INDIANAPOLIS — A new study published by Prosperity Indiana paints a dire picture for Hoosiers as the gulf continues to grow between renters’ wages and the rising price of rent leaving more and more Hoosiers either unable to afford housing or having to dedicate most of their income to keeping a roof over their head.
A roof they don’t even own.
“It feels like we are being set up to fail,” said an unhoused Indianapolis resident.
A study conducted by the National Low Income Housing Coalition (NLIHC) found that in Indiana, the price of a Fair Market Rent two-bedroom apartment is $988 a month. This means a renter would need to earn $19 an hour to afford the rent of a two-bedroom apartment (without spending more than 30% of their income).
But Hoosier renters only earn an average of $17.86 an hour, meaning most renters in Indiana are behind the eightball when it comes to housing wage vs renter wage.
Despite a reputation for being a low-cost state, Indiana actually lags behind its Midwest neighbors. Prosperity Indiana found that amongst Midwest states Indiana renter wages “remain persistently behind the average of the region.”
“Indiana has twin crises of a shortage of affordable homes and too few good-paying jobs to afford them,” said Andrew Bradley, policy director for Prosperity Indiana and board member of NLIHC. “This is a symptom of a lack of economic opportunity which prevents too many Hoosiers from achieving their true potential and leaves Indiana behind the curve of the Midwest.”
For the last six years, Indiana renter wages have lagged behind its Midwest brethren, dropping from 51 cents below its Midwest neighbors in 2020 to 91 cents below in 2023. All while rent continues to climb.
“The typical Hoosier renter working full time makes $1,893 less each year than their average Midwest counterpart,” Prosperity Indiana deduced.
Indiana’s position in the Housing Wage ranking of the entire nation has worsened as the state fell from 43rd least affordable state in the U.S. in 2021 to 38th in 2023.
The gulf between renter wage and housing wage exists in every one of Indiana’s 92 counties, the study found, as rent prices grew by 12% by wages only increased by 7.5%.
“The median renter wage in Indiana has consistently trailed the state’s Housing Wage in recent years, suggesting that policy efforts to date have been inadequate to fulfill the demand for affordable housing that remains out of reach for Hoosiers,” Prosperity Indiana stated.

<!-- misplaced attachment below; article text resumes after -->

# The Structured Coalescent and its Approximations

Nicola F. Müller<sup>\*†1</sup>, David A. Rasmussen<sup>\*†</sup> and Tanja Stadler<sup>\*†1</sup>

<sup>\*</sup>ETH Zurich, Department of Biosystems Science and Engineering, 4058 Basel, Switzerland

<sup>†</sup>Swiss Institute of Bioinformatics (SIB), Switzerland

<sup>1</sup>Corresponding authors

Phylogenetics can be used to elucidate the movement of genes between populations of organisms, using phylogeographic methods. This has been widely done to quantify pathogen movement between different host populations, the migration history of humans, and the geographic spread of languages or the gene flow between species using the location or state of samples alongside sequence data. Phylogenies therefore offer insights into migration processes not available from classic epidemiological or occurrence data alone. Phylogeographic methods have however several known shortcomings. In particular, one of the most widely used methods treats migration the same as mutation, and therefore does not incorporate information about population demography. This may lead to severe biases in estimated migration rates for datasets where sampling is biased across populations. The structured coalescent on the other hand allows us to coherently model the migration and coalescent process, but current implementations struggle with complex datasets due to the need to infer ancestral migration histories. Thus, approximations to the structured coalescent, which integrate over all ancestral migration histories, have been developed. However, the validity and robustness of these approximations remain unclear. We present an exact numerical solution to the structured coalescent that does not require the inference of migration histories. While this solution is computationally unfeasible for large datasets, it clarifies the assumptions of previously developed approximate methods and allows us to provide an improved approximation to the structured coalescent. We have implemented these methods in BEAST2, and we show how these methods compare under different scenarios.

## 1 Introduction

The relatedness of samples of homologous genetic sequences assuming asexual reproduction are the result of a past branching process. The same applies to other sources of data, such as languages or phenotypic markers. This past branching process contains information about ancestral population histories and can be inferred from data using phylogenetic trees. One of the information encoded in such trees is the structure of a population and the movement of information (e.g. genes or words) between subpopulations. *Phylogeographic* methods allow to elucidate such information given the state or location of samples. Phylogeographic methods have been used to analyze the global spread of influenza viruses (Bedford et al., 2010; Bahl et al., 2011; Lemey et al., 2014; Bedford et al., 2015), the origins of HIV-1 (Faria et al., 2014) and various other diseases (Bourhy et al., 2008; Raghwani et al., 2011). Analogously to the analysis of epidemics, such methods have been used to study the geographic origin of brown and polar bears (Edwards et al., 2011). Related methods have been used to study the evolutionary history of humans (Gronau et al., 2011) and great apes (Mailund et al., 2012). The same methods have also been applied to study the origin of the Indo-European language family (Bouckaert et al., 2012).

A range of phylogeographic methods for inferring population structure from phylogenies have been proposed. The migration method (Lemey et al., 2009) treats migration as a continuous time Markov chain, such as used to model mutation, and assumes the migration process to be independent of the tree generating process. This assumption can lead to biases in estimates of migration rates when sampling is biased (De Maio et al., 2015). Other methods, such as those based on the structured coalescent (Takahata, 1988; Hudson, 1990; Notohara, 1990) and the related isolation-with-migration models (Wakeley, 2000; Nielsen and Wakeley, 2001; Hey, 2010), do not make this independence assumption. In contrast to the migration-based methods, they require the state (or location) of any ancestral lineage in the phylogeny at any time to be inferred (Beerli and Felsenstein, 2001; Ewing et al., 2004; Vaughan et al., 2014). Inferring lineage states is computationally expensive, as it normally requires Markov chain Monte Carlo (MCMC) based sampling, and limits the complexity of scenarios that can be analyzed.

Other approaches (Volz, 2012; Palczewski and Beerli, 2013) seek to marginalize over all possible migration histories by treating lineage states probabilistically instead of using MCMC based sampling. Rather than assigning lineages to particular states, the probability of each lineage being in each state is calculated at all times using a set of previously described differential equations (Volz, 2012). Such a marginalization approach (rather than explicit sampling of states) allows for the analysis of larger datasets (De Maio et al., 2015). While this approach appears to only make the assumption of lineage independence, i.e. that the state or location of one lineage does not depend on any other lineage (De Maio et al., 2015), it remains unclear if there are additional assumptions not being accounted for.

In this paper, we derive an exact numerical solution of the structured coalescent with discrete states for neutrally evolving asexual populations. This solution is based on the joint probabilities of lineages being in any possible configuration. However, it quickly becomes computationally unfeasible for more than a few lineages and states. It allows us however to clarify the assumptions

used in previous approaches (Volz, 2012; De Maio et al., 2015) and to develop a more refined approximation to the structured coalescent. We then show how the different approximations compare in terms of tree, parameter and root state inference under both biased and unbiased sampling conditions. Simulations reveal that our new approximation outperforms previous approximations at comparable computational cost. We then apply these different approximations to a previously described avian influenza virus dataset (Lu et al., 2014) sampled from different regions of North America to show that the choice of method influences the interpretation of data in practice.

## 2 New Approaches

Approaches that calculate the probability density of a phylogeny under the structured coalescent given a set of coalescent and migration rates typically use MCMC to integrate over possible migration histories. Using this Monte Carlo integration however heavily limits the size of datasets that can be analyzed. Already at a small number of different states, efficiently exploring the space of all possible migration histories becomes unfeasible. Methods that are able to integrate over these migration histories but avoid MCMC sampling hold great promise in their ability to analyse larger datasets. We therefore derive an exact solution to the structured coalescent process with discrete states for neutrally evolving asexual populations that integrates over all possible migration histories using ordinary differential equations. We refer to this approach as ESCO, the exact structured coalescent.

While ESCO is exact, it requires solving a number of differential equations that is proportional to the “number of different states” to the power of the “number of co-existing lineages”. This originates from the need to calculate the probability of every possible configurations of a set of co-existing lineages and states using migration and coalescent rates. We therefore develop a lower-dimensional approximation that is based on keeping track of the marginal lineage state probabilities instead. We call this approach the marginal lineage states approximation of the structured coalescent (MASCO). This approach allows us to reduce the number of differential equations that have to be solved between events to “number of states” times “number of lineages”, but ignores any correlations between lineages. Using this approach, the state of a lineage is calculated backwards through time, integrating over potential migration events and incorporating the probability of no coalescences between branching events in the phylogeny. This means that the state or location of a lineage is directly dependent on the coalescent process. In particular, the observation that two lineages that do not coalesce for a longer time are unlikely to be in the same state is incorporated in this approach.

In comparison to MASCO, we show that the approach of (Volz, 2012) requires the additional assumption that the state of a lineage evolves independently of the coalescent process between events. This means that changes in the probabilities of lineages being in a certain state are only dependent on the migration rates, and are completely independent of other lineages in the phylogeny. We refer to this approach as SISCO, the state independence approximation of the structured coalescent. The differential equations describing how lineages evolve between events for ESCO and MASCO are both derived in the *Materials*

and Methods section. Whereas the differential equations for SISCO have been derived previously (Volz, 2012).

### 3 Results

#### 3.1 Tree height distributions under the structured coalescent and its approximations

Prosperity Indiana’s analysis found that in 2023, 11 of Indiana’s top 21 largest occupations didn’t pay a high enough median wage for Hoosier renters to afford a two-bedroom apartment.
In fact, seven of the top 21 occupations in Indiana didn’t even pay enough of a median wage for Hoosier renters to afford a one-bedroom apartment, which costs the average Hoosier $811 a month meaning they need a wage of $15.60 an hour.
In Indiana, the minimum wage remains at $7.25. It hasn’t been raised since 2008, when it was increased by .70 cents.
If a Hoosier only earned the minimum wage, they would need to work 105 hours a week to afford a two-bedroom apartment or 86 hours a week to afford a modest one-bedroom. This means Hoosiers would need to work 2.6 full-time jobs at minimum wage to afford a two-bedroom rental, or 2.2 jobs for a one-bedroom.
A father from New Albany told Hoosier Action that he has two adult children living at home.
“Both would like to move out of the house, but the rental properties available are too expensive for them to afford,” he said. “I do love my kids, and my wife and I might be labeled as “helicopter parents,” but that is not what keeps them at home—the high cost of rent keeps them at home. We need to do better for our citizens. I can’t imagine someone their age not having parents to live with as a backup plan. What are they doing for housing?”
A court watcher told Prosperity Indiana that she witnessed a tenant appear in court due to falling behind on their payments. The tenant said her rent increased by $300 and that she and her autistic son were unsuccessful in finding housing assistance. She was ordered to vacate the property in 13 days even though she had nowhere to go.
“Housing is a human right,” said NLIHC President and CEO Diane Yentel. “Stable, affordable homes are a prerequisite for basic well-being, and no person should face the danger of losing their home.”
“Too many low-income renters now face worsening housing instability, as wages stagnate, housing costs rise, and pandemic-era safety net programs close down,” Yentel added.
View NLIHC’s full report by clicking here.